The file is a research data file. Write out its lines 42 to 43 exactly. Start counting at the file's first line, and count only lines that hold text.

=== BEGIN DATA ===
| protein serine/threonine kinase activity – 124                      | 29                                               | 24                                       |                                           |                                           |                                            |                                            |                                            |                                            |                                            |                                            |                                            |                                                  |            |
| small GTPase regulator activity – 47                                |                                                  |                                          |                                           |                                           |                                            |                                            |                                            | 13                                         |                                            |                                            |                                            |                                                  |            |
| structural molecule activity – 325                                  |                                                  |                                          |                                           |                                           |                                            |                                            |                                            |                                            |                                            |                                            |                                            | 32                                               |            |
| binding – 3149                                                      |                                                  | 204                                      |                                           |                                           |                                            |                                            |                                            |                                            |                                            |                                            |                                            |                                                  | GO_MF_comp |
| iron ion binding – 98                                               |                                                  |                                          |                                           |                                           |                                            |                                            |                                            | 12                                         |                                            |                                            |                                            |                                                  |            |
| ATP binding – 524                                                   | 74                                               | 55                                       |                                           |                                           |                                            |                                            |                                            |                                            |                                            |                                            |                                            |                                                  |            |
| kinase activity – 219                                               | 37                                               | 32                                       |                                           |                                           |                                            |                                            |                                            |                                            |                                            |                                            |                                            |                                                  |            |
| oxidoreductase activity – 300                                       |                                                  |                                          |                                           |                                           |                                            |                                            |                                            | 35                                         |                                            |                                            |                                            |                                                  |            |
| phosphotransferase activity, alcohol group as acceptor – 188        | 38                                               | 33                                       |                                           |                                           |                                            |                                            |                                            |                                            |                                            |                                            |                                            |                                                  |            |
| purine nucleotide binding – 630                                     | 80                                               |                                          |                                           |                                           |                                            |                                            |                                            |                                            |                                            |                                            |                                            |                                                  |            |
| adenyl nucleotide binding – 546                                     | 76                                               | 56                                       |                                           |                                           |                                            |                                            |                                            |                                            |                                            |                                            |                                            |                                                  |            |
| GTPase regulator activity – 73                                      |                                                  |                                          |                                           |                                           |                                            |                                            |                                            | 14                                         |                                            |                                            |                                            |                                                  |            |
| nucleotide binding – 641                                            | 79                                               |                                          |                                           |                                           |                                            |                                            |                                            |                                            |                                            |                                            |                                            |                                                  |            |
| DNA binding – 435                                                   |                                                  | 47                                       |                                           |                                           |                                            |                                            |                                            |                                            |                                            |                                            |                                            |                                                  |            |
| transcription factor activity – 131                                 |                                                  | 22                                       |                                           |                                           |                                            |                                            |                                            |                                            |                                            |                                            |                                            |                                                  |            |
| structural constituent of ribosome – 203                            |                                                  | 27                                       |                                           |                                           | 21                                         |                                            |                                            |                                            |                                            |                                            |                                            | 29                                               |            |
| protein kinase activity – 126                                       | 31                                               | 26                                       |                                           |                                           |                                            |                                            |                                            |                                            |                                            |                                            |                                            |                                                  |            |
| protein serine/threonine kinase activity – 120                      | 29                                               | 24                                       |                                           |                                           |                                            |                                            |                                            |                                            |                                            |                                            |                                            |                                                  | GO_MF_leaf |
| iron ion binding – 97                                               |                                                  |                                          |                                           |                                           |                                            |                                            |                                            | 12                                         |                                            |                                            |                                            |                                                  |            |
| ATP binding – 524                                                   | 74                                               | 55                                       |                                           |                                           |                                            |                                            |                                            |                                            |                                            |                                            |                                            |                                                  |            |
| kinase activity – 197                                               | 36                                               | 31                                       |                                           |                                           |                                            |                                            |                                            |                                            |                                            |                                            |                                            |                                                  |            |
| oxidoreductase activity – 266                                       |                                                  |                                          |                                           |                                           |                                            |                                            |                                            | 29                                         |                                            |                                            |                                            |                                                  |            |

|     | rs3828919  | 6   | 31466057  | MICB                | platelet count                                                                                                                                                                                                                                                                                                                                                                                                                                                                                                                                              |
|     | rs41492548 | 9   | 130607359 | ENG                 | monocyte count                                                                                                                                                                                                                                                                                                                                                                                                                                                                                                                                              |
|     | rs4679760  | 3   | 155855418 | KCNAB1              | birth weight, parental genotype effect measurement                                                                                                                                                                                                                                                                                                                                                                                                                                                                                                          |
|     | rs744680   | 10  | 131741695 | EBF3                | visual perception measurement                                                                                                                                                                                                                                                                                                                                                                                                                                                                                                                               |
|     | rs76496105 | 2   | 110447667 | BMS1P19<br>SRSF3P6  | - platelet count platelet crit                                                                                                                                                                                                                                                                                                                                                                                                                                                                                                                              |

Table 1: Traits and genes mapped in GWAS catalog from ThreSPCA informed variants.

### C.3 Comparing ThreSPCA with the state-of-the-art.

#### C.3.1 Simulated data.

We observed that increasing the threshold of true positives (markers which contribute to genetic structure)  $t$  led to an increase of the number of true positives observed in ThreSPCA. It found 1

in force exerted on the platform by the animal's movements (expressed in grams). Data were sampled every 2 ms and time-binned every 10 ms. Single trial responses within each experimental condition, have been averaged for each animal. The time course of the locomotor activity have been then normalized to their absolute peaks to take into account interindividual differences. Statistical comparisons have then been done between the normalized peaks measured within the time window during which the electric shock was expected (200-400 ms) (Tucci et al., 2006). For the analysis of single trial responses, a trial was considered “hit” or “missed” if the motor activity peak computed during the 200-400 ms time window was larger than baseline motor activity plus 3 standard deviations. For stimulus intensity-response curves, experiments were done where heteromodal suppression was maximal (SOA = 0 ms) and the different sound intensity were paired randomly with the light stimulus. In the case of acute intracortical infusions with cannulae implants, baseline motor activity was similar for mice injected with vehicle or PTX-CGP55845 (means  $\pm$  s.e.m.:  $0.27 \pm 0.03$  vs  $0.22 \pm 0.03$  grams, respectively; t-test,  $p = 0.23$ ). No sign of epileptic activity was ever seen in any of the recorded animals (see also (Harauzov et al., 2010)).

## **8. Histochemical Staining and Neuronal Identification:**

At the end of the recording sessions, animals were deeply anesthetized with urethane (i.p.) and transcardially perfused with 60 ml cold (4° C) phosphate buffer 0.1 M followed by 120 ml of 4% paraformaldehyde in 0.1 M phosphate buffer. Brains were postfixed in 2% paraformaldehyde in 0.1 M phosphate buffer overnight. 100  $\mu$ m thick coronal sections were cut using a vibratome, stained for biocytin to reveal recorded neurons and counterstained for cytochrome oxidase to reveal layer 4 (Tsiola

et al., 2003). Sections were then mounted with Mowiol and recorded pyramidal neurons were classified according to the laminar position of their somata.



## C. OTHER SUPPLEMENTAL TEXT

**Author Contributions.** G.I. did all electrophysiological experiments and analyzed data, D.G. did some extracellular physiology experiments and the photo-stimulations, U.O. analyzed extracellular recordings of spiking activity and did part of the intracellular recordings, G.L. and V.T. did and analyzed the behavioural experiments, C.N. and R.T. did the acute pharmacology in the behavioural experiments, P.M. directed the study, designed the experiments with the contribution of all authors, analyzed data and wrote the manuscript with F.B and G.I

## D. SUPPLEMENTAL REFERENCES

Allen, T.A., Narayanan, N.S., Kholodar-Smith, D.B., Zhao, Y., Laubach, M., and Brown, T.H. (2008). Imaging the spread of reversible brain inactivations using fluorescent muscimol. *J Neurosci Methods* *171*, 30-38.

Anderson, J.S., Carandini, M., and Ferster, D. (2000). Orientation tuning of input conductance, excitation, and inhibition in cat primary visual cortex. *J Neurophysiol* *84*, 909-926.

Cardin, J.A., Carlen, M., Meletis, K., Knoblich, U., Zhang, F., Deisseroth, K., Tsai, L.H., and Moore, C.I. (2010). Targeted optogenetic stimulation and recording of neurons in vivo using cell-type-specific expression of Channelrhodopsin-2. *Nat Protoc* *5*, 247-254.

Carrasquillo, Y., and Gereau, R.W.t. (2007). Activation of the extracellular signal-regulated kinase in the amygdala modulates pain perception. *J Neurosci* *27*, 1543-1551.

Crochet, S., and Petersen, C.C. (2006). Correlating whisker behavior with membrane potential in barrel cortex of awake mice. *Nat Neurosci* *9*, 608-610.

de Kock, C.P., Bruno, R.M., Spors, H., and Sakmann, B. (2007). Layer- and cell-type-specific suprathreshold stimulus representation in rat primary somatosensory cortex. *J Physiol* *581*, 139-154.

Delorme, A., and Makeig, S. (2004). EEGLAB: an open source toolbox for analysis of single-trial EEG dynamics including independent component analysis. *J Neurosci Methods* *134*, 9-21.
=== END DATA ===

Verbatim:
Carrasquillo, Y., and Gereau, R.W.t. (2007). Activation of the extracellular signal-regulated kinase in the amygdala modulates pain perception. *J Neurosci* *27*, 1543-1551.

Crochet, S., and Petersen, C.C. (2006). Correlating whisker behavior with membrane potential in barrel cortex of awake mice. *Nat Neurosci* *9*, 608-610.